Since independence, we have been using gross domestic product (GDP) and GDP per capita income, which has risen from about US$500 in 1965 to about US$55,000 (S$75,300) in 2015, as an indication of our people's livelihoods.
The consumer price index is also used to explain about inflation, but this index is very academic and may not resonate well with the general public.
Other instruments, such as the Gini coefficient which measures income inequality, are used to inform the public about Singapore's socio-economic status.
Whichever instrument we use, there are bound to be gaps as different tools are deployed to help policymakers make accurate readings and devise effective policies.
I would like to recommend that the Government change the way it communicates with the masses.
A daily challenge Singaporeans face is counting the value of each dollar in our income.
How much can we buy now and in the future, from every dollar earned or saved?
The Government provides dollar-to-dollar comparison with some countries to illustrate how Singaporeans are benefiting.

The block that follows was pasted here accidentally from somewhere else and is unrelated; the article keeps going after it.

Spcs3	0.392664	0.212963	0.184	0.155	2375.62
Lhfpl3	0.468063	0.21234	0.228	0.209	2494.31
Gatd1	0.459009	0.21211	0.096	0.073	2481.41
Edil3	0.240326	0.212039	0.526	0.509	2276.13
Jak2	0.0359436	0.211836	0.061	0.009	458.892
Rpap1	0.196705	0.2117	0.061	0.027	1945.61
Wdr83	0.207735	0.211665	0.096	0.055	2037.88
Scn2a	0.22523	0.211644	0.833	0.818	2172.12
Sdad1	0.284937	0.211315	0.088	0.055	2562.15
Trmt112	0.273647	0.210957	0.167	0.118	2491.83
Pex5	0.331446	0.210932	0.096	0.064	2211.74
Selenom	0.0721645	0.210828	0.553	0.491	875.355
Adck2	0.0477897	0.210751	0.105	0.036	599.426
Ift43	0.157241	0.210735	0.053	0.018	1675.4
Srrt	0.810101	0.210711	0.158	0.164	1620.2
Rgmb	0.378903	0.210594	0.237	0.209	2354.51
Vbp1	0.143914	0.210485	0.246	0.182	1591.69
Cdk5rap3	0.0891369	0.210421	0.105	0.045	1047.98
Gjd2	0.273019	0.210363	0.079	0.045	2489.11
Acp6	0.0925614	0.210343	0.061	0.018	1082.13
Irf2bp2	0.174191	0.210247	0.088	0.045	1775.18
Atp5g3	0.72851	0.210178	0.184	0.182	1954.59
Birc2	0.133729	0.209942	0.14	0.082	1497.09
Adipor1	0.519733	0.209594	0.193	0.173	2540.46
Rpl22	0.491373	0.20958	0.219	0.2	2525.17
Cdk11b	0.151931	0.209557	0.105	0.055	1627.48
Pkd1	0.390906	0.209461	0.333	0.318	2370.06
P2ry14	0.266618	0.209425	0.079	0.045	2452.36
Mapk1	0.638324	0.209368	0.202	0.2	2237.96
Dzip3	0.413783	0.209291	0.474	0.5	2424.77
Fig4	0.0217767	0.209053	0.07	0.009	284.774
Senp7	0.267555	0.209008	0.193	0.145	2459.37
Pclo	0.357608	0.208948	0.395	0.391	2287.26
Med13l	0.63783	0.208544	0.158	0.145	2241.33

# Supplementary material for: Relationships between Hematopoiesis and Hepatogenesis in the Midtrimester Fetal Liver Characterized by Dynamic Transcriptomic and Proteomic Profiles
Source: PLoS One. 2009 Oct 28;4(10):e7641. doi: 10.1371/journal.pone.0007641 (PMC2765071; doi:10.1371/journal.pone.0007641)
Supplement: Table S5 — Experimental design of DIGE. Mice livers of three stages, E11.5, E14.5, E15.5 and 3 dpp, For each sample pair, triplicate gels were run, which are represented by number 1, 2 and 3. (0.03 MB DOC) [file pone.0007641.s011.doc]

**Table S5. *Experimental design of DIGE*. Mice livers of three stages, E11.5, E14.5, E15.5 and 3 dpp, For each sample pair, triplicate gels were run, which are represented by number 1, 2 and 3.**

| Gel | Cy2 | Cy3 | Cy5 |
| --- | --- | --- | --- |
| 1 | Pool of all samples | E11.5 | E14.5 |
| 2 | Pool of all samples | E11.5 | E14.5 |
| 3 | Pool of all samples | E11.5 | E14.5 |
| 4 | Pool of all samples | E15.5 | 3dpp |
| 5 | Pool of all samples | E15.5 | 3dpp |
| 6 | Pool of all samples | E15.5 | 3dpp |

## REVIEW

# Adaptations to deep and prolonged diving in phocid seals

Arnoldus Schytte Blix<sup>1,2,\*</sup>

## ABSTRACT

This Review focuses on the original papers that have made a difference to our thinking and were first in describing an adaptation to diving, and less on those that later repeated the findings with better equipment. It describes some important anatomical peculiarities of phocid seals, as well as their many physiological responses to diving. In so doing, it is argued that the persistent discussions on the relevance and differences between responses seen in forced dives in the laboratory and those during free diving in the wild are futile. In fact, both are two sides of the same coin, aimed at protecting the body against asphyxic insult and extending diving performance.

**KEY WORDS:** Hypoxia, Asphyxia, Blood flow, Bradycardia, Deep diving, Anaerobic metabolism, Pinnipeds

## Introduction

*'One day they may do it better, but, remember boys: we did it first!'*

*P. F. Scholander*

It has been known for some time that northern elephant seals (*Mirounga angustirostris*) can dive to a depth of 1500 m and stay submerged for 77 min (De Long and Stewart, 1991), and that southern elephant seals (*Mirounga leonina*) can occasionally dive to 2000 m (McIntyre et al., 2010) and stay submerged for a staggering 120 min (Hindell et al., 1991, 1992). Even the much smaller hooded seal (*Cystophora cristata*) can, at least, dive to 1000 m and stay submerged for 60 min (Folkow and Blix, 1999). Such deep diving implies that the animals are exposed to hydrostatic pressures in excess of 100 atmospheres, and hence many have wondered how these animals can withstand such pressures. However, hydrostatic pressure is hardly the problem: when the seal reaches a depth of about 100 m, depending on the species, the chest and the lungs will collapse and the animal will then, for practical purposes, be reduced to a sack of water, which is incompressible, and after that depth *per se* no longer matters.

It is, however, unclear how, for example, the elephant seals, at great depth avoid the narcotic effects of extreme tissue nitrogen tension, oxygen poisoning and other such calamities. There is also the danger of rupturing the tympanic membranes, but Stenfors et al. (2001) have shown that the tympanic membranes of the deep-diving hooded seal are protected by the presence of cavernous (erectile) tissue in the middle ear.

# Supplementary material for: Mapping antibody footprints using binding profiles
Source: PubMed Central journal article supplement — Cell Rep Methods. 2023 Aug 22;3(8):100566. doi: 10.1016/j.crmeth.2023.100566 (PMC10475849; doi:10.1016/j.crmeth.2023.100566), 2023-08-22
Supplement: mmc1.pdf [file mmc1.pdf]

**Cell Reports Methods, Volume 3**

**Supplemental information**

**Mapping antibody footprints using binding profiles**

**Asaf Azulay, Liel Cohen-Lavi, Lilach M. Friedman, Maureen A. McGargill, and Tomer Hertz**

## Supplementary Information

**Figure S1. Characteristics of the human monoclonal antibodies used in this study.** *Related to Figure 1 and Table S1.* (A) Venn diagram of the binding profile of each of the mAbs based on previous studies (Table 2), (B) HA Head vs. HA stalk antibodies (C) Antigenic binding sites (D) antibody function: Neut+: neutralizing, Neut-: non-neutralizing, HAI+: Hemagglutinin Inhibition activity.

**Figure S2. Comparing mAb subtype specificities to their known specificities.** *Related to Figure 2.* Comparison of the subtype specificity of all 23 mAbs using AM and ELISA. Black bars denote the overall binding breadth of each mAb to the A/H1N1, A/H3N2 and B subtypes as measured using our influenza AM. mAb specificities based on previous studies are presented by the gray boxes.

It might better communicate how much a typical Singaporean can buy with each dollar he has. For example, a dollar could buy a cup of tea in a coffee shop two years ago. Today, it costs between $1.10 and $1.20.
It is estimated that for every dollar a low-to middle-income taxpayer contributes, he gets back between $2 and $6 in subsidies, whereas the high-income taxpayer gets back 20 cents.
But this illustration may be cold comfort and may not resonate with Singaporeans.
Perhaps, we can look at using purchasing power to measure the value of people's money instead, as it might better communicate how much a typical Singaporean can buy with each dollar he has.
For example, a dollar could buy a cup of tea in a coffee shop two years ago. Today, it costs between $1.10 and $1.20. A similar beverage, however, starts at $1.60 in a foodcourt.
A plate of chicken rice today costs between $4 and $4.50 in a foodcourt compared with $3.50 to $4.00 last year.
Tan Kar Quan